District court litigators, tell us your experience.  Are toxicology delays of a year routine?  Are the delays routinely longer?  Have you seen an uptick in motions to dismiss on speedy trial grounds? How do courts in your district weigh crime lab delays in the balance?


24 comments on “State crime lab backlogs and the right to speedy trial

  1. It seems to be taking 8 months or more here in Cumberland Co., NC.
    Would such long delays actually effect the reported BAC, when the blood is finally tested?

  2. I have a case with more than 25 months delay between date of offense and production of the results of a blood test. Several Buncombe County DWI cases are beyond 2 years. I am also interested as to whether the long delay can affect the reported BAC.

    • Alcohol normally continues firmenting as it ages in sealed bottles. But I’ve never heard of any disputes about the BAC in a blood sample changing over time. As for storing donated blood, it probably only needs to be sealed and kept at a specific temperature to prevent colaguating (drying).

  3. To answer James’s question first, for blood samples the delays do not effect the sample unless the vial has been breached or contaminated. There is a chemical compound present in the vial when the sample is drawn that prevents any degradation, plus the vial is sealed.

    As an ADA in the western part of the state, my experience with lab delays has been horrible. If the sample is from a death by vehicle we can get it in about six months, but for anything else our samples are not even getting assigned to an analyst until well past the one year point, and lately they are approaching two years with no action. For DWI’s and chemical analysis of controlled substances, for at least the last two years we have not received a test in under twelve months and are frequently having to dismiss at the one year point when the motion to dismiss is denied and then just hold the file to recharge if we receive the lab test before the statute of limitations run out. We’ve called the labs many times to check on the status of a sample, but always get the same response – if it involves a fatality, it will probably be completed in 12 months or less. If it does not involve a fatality, officially the answer we receive is that it is still waiting to be assigned to an analyst (some of the samples are 18 months old at this point). Unofficially, we have been told by the lab that if it does not involve a fatality it might never actually be examined. I feel bad for the analysts (or at least the few who haven’t quit yet) who probably bear the brunt of this, and it’s not their fault, but the SBI lab system is horribly broken and is a miserable failure, and the heads of the SBI should be ashamed and embarrassed.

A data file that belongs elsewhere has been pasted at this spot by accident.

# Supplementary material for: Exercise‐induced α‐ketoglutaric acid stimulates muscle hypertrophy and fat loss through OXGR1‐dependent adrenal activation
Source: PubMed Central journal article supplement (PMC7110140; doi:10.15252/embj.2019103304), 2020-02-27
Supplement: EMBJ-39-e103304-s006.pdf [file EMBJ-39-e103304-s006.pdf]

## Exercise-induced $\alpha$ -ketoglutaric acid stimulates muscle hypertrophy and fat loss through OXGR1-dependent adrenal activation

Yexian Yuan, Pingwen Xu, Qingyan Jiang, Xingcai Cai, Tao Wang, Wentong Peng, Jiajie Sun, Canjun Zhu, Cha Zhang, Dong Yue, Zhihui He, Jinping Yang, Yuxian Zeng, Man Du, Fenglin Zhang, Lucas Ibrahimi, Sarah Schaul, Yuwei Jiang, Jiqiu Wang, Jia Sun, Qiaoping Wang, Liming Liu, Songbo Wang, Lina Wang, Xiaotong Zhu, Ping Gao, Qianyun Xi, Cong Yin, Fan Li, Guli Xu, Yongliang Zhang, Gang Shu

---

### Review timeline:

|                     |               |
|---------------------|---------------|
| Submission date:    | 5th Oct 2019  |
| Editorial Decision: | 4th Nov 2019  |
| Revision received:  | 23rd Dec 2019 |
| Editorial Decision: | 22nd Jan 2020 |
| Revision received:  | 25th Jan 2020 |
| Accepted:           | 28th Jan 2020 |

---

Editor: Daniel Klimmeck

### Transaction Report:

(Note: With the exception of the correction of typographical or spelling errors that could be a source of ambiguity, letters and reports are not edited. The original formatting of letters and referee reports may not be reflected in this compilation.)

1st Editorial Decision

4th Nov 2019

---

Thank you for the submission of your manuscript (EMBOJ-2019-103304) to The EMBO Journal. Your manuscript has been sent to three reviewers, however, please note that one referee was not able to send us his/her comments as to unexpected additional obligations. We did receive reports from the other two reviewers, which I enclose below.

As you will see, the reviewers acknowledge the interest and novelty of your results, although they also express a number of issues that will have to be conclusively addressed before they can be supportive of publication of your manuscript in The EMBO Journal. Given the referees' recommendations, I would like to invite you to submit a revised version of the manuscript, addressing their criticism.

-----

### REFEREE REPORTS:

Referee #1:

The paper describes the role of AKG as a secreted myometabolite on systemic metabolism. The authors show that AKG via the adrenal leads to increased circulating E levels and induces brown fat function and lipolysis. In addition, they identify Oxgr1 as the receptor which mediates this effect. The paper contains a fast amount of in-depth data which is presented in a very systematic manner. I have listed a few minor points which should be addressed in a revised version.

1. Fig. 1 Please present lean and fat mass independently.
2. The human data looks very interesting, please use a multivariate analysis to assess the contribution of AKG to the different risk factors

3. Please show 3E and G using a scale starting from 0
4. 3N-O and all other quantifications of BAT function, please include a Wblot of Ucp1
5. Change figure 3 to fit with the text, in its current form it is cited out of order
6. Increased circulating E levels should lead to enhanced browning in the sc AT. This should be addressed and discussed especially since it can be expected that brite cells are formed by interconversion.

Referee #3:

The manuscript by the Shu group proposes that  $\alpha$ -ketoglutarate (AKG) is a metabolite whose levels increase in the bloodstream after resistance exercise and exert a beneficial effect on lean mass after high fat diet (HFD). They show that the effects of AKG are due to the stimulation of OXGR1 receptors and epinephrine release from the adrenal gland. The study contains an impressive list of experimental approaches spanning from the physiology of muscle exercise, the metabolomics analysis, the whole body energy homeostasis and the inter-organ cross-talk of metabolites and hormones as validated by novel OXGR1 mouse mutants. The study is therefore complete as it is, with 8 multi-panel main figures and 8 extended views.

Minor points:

4. Blood test results typically take a year and a half.

    However our judges tend to make the state proceed without them and will not dismiss the cases.

  5. Here in Wake County, the delays seem to routinely be longer than 1 year. Specifically for blood-drug cases, the delays are as long as 2 years or longer. Surprisingly, I have not seen many double jeopardy motions filed.

  6. Wanted to clarify a typo in my earlier post – we’re dismissing to recharge when the motion to continue is denied. (I mistakenly wrote motion to dismiss).

  7. Funny, dismissing to recharge when a motion to continue will not be granted has been held to be a purposeful and malicious delay of trial by the state, resulting in dismissal…

  8. We have been told by SBI no new blood results will be issued for at least 2 years for DWI.

  9. Wake County has 1 year delays, except now that the local CCBI is testing, I’ve had blood results back as soon as the first court date.